5 Smart Car Shopping Tips (That Extend Way Beyond Car Shopping)

Last week I attended the Boston Auto Show via a partnership with Chevrolet and SheBuysCars and it was a truly fascinating experience. I’m by no means a car freak, but I do use a car daily and think about design and usability daily. I learned so much about design research and urban mobility (Chevrolet designer Wade Bryant had me hinged to his every thoughtful word!), and a Women in Automotive panel especially struck a chord with me.

During the panel, moderator Scotty Reiss asked Betsy Flegg (Chevrolet), Michell Lander (General Motors), and Tina Mahoney (Best Chevrolet in Hingham) about their best car shopping advice for women. As these ladies shared their advice, it struck me that their tips extended way beyond car shopping and into the domains of work, parenting, and relationships. Here were the key takeaways I thought you might find helpful.

1. Do your research

A car is a big investment (obviously) -- one worth researching! The panelists recommended using resources such as Consumer Reports, Edmunds.com, and SheBuysCars for comparative research. They also recommended Google’ing dealer reviews (brilliant...never thought of that!), crowdsourcing friends and family, and also asking complete strangers you see driving a car you're interested in (e.g., at a coffee shop, parking lot), given that they'll likely be candid since they have no relationship with you. Similarly, research is so key with many parenting/life choices, though I do advise against driving yourself crazy via the quest for the one perfect solution -- it usually doesn’t exist (totally speaking from experience here)!

2. Know what your needs are

As with many work and personal situations, it's important to outline and make explicit your needs/priorities when car shopping. I'm a big fan of writing down your priorities so you don't lose sight of them in the face of other incoming information and options. Tina Mahoney (who totally awesomely rose the ranks from cashier to sales manager at Best Chevrolet) made the smart recommendation of bringing key things you usually travel with (e.g., stroller, luggage) to make sure your car fits your needs. Super smart.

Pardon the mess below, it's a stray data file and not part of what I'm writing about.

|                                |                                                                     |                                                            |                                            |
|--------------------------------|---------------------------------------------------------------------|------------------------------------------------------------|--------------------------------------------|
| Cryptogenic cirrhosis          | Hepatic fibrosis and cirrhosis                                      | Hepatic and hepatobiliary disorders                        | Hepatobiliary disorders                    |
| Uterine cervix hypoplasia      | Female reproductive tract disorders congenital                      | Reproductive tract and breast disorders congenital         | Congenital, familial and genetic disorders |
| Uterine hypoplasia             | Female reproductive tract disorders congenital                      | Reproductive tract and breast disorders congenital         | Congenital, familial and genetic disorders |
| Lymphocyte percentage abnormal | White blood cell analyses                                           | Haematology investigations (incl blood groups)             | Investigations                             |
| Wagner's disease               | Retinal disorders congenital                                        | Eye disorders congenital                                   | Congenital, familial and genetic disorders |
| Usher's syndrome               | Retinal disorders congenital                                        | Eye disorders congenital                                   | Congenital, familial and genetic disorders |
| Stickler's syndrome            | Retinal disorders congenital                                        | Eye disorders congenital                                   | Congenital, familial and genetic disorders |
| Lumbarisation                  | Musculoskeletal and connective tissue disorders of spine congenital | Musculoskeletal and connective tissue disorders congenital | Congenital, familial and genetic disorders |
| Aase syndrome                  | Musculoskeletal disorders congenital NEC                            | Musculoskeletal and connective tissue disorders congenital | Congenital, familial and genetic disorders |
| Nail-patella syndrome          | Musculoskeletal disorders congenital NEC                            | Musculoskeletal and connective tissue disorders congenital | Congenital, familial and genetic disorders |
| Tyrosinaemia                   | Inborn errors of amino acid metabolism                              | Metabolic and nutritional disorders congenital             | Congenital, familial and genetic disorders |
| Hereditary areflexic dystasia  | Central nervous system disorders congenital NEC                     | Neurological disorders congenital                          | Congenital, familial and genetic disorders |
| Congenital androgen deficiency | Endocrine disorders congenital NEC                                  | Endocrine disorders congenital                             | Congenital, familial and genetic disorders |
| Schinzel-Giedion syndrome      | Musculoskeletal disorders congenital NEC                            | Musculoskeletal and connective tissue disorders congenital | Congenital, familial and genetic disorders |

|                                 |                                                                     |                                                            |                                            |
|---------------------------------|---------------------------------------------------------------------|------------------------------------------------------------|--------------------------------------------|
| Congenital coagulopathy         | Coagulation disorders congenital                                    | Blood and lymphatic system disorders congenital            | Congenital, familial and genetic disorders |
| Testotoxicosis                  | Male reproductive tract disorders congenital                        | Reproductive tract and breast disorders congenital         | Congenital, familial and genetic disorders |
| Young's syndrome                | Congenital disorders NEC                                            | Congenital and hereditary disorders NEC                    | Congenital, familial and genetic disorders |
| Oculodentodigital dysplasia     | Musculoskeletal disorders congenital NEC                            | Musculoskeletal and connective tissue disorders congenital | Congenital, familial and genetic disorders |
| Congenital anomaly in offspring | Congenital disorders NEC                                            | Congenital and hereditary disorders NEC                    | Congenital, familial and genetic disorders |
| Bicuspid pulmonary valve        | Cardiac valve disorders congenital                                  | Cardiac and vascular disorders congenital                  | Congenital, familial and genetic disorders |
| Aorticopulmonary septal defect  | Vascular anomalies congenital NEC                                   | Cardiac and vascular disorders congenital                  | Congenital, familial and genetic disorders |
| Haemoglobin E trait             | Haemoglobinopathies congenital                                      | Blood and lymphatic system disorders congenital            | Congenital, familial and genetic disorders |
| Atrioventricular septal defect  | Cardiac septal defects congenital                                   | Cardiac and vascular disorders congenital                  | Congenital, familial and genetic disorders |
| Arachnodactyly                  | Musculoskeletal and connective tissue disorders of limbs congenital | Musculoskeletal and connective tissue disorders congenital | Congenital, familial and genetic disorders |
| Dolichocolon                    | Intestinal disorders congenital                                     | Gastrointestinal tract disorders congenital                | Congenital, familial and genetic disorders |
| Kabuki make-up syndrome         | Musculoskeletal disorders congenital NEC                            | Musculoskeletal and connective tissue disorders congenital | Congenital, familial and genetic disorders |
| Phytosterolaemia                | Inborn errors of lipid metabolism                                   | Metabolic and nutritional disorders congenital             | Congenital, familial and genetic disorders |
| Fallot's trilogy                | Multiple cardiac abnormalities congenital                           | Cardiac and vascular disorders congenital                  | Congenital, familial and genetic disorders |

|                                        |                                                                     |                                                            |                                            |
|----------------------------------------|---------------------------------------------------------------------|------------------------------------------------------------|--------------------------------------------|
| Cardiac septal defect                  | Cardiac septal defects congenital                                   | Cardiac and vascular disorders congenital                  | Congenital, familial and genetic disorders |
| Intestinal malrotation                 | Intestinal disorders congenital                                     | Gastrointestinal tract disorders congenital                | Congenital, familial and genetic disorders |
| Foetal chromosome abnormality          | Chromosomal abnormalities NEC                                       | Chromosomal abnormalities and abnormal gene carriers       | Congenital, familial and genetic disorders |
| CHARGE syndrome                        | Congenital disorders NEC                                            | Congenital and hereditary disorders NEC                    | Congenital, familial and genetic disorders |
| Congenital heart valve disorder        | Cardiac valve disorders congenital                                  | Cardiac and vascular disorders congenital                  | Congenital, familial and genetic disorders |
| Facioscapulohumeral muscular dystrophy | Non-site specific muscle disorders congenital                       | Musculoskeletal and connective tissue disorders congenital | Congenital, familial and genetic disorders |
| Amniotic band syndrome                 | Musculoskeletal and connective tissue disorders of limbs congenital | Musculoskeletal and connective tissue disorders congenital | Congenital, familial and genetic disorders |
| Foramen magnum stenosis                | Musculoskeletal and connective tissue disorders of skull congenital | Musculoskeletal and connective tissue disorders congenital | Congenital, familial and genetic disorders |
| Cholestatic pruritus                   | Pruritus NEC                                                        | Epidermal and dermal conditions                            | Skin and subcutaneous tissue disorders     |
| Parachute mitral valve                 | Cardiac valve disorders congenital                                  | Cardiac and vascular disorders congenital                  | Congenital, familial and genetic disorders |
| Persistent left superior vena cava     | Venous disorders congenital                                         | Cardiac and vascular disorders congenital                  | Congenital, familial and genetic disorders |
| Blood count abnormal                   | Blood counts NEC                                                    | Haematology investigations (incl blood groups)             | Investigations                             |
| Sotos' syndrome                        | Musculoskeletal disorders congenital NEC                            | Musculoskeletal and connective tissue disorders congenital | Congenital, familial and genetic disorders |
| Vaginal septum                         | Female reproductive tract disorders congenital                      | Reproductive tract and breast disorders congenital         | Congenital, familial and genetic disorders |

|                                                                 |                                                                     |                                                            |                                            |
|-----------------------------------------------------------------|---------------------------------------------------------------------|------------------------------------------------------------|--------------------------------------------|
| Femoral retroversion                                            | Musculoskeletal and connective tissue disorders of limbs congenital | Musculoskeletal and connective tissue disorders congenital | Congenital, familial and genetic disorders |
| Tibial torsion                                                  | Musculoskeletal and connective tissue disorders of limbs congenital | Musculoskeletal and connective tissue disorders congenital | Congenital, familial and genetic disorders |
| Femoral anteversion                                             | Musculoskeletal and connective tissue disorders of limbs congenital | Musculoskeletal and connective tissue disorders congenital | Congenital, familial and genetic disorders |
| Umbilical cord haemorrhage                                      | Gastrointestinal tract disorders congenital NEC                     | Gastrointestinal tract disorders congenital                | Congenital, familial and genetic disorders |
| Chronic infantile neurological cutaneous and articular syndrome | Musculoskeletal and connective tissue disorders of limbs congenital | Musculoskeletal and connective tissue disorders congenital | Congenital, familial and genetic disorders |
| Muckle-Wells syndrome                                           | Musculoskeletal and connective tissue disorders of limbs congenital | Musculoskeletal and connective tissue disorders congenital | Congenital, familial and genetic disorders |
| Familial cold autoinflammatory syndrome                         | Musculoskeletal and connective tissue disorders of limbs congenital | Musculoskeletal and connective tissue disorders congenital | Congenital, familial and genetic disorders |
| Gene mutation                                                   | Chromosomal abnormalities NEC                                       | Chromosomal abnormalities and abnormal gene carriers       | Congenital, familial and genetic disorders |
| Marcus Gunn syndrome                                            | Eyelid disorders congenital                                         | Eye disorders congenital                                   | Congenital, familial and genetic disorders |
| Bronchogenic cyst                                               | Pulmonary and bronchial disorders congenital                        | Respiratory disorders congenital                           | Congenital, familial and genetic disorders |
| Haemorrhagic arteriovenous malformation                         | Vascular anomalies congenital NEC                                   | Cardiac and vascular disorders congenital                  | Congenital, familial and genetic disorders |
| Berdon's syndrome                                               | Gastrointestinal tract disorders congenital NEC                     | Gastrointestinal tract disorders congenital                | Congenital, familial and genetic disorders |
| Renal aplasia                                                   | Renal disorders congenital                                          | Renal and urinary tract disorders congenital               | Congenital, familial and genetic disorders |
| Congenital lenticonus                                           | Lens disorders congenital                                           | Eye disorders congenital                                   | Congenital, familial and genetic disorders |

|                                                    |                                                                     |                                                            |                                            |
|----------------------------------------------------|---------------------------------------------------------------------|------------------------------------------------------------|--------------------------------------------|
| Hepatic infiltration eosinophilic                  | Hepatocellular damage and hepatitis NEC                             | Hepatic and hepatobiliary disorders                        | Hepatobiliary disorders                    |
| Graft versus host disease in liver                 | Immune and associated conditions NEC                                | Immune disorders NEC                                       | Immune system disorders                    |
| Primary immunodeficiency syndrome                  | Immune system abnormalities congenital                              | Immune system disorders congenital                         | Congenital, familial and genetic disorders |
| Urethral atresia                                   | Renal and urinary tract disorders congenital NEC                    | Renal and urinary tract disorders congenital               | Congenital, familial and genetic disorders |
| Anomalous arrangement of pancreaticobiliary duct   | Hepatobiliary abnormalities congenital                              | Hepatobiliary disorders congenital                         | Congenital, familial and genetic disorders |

3. Take a test drive

Related to #2, it’s important to take a test drive to figure out if a vehicle is right for you, or whether there are options that may be right that weren’t even on your radar (here's where the needs/priority list comes in handy...a car dealer could help you learn about other options depending on your needs). It made me think how enormously helpful it was for me to “test drive” careers when I was in college via internships and mentoring programs; the processes of which helped me rule out law, child psychology, and politics! I’ve also heard -- particularly from women exploring new careers after leaving the workforce to raise kids -- how helpful it is to go into a new employment situation with a 3-6 month test drive period.

4. Be confident

Like many things in life, confidence goes a long way. If you're armed with the knowledge, experience, and reflection from tips #1, #2, and #3 above, you will be in a good position! However, if you're really nervous about a situation (car shopping or otherwise), I recommend practicing your opening line/asks out loud. Having a loose script -- so you're not fumbling for words -- helps a lot!

5. Know what your deal breaker is

I loved Michell Lander’s advice to know what your deal breaker is when shopping for a car. And I find this to be 150% relevant to work negotiations! In fact, whenever I'm negotiating a new client project I always explicitly map out the expectations, deliverables, and ideal compensation...and internally make note of my deal breaker line so I'm ready to negotiate if there is push back on my proposal.

It was so interesting to be on the floor at the auto show and to engage with the Chevrolet and SheBuysCars teams in depth. In addition to clearly putting a lot of thought and resources into their work, I love that Chevrolet also commits to social responsibility, and it's wonderful that SheBuysCars is working to help women gain the confidence and experience in a consumer domain that is often male dominated!

Image credits: Christine Koh

Disclosure: I attended the Boston Auto Show as a compensated ambassador of Chevrolet and SheBuysCars. All expressed opinions are, of course, my own.